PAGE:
The late Gothic style was that of the model of the Catalan cathedrals. But the extreme slowness with which the construction proceeded certainly did not benefit the architectural uniformity of the work. Starting from 1592 the works resumed with new impetus under the guidance of the military engineer Rocco Cappellino of classicist training, who added new elements of the Renaissance nature to the construction. This imprint is clearly visible in the leftmost chapel of the five radial chapels, which was probably the last to be completed.
Since then, the works continued according to a late Renaissance design until the consecration took place in 1593, even if the construction, not completely completed, was destined to continue until the middle of the following century. It is known for example that in 1638 the vaults of the transept and the cross were built respectively with a pavilion and an octagonal dome. But other interventions followed one another over the centuries.
In 1730 the church, after being adorned with artistic marble furnishings following imposing and interminable restoration works, was deconsecrated and only in 1862 was the new neoclassical facade built to replace the late Renaissance one.
The main altar is from the eighteenth century, while the neoclassical facade with its columns and its imposing tympanum dates back to 1820.
Church of San Francesco
The church of San Francesco is a monumental Catholic place of worship in the city of Alghero and one of the best examples of Catalan Gothic architecture in Sardinia. It rises, flanked by the adjoining convent, in via Carlo Alberto, in the heart of the historic center.
The church is located in the heart of the historic center of Alghero together with the adjoining convent, the cloister and the bell tower that make this church an example one of a kind.
The arrival of the Friars Minor in Alghero, and therefore the construction of the convent complex, dates back to the 14th century. Church and convent were rebuilt in the Catalan Gothic style during the 15th century. On February 17, 1593 the central body of the church was damaged by a collapse, a circumstance that necessitated restoration works which renewed part of the temple according to the canons of Renaissance classicism. The works ended in 1598.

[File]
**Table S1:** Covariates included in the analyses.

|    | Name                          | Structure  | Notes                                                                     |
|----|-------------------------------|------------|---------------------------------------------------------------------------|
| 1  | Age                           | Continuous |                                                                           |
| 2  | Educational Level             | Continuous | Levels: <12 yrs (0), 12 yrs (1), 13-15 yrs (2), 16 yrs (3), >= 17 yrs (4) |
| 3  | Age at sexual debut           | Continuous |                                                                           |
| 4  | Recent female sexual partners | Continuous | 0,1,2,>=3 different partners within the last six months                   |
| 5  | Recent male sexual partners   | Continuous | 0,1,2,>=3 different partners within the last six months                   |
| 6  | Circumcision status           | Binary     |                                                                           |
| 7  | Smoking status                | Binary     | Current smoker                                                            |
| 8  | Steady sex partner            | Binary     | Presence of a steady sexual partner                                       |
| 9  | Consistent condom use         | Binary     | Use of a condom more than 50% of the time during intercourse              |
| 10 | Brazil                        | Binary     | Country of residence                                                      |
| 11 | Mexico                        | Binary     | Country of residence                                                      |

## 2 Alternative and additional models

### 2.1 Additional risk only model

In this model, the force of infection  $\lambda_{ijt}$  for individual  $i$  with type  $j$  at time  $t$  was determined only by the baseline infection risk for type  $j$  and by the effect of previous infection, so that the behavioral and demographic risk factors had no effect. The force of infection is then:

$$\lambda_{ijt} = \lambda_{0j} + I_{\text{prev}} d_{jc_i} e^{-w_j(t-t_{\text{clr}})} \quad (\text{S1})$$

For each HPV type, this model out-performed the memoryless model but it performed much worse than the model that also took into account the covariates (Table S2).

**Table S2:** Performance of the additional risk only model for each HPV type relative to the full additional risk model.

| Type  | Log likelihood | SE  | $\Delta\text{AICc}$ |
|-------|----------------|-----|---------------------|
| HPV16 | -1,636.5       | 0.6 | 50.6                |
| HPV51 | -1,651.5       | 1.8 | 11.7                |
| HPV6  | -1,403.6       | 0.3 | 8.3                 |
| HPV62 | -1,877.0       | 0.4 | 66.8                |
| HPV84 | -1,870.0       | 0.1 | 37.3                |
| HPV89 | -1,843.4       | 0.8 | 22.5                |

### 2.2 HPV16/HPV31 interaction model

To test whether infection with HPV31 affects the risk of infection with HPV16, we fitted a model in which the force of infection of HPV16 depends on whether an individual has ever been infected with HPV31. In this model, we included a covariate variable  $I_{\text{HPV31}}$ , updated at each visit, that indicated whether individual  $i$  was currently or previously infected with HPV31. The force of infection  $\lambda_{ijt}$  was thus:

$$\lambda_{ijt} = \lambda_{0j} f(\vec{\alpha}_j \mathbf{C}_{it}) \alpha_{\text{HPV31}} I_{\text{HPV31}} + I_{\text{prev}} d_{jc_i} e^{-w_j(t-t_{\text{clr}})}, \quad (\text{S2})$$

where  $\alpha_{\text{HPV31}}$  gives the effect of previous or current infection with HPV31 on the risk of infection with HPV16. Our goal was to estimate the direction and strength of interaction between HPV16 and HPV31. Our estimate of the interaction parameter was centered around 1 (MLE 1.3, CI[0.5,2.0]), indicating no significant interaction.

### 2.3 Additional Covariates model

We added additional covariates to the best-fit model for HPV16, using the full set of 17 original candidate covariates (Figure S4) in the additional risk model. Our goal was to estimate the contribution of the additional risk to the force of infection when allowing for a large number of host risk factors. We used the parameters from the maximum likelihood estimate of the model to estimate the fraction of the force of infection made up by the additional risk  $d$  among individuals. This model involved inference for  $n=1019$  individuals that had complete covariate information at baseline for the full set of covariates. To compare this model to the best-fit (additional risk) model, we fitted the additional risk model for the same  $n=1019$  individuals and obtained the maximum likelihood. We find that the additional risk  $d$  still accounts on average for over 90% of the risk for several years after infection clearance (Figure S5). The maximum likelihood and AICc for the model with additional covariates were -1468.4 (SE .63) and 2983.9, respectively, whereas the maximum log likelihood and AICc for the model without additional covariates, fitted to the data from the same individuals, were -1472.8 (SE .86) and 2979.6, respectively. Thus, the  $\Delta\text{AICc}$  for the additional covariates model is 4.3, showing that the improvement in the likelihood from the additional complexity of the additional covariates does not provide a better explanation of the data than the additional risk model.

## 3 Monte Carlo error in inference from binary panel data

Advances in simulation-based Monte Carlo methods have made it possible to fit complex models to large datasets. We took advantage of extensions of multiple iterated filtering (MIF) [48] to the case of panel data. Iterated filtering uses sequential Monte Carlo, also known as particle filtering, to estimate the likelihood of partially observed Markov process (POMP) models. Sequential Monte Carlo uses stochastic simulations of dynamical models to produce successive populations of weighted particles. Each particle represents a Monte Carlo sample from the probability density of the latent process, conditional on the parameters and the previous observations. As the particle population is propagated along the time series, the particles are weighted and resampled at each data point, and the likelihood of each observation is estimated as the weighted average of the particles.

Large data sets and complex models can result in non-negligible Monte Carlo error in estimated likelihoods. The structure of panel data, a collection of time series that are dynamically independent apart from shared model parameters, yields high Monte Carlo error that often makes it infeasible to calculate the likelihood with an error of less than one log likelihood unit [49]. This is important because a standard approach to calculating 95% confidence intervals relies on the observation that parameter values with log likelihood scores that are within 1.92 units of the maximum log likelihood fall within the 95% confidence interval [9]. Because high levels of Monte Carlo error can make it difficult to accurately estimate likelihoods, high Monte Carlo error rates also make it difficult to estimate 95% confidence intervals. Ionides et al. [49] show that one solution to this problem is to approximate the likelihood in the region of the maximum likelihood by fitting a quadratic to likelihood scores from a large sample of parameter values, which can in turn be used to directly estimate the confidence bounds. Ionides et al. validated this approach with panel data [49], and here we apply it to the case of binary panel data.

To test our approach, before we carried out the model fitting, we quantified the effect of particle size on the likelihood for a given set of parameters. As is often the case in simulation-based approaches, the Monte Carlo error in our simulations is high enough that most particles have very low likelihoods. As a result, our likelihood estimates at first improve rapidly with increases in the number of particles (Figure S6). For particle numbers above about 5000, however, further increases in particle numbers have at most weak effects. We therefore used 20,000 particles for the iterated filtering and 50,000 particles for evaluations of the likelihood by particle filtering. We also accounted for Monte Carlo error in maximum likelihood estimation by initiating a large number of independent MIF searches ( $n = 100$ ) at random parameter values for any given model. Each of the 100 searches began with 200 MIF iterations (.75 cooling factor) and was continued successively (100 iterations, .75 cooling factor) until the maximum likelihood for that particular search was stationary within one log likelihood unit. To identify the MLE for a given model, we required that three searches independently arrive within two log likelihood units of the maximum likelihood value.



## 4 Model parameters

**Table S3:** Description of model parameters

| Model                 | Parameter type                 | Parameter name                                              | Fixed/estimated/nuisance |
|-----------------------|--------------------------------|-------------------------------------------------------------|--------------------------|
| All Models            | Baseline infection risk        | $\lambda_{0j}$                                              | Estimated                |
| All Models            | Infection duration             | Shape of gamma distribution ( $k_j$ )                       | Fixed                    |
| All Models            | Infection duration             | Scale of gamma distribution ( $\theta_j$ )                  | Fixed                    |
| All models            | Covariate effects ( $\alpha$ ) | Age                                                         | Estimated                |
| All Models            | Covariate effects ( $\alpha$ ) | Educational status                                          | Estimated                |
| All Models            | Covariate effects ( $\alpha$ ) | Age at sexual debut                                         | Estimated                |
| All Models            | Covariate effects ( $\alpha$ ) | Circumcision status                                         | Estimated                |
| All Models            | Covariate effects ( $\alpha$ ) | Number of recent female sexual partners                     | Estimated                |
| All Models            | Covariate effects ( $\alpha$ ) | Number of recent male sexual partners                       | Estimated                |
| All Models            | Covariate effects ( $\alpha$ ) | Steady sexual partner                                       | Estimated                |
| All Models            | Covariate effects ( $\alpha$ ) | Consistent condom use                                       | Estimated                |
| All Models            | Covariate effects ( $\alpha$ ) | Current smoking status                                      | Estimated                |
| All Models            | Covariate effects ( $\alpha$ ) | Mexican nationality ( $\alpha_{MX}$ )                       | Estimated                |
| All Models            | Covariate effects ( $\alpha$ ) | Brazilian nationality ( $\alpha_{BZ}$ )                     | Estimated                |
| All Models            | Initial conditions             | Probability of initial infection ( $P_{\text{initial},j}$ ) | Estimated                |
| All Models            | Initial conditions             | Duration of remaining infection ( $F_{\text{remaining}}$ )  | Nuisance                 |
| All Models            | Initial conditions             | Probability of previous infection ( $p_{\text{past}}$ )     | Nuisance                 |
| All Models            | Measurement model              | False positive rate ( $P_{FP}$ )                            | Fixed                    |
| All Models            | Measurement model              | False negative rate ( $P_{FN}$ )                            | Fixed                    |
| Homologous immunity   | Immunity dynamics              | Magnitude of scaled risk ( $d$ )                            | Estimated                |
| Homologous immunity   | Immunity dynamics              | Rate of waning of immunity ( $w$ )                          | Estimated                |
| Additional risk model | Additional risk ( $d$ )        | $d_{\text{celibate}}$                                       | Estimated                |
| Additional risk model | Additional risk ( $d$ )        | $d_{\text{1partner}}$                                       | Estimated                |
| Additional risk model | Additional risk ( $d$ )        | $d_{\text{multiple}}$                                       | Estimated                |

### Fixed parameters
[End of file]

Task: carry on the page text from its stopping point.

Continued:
Ancient and secure documents dating back to the early 14th century inform us that Franciscan friars “Conventual Minors” were already in Alghero in 1330. With a bull dated 1324, in fact, Pope John XXII gave the Minister General of the Order the faculty, Michele da Cesena, to found two convents in Alghero and Iglesias, a city located south of the island.
In the second half of the fifteenth century, the conventual friars minor, with the help of the population and local authorities, built a church whose façade, not very high but well proportioned, can now be admired, with a rose window of about one meter in diameter. In 1593 this church suffered a partial collapse, due to static problems related perhaps to the presence of underground aquifers. The ancient facade, incorporated in subsequent reconstruction works, is still distinguishable by observing the arrangement of the ashlars and the chromatic difference of the sandstone.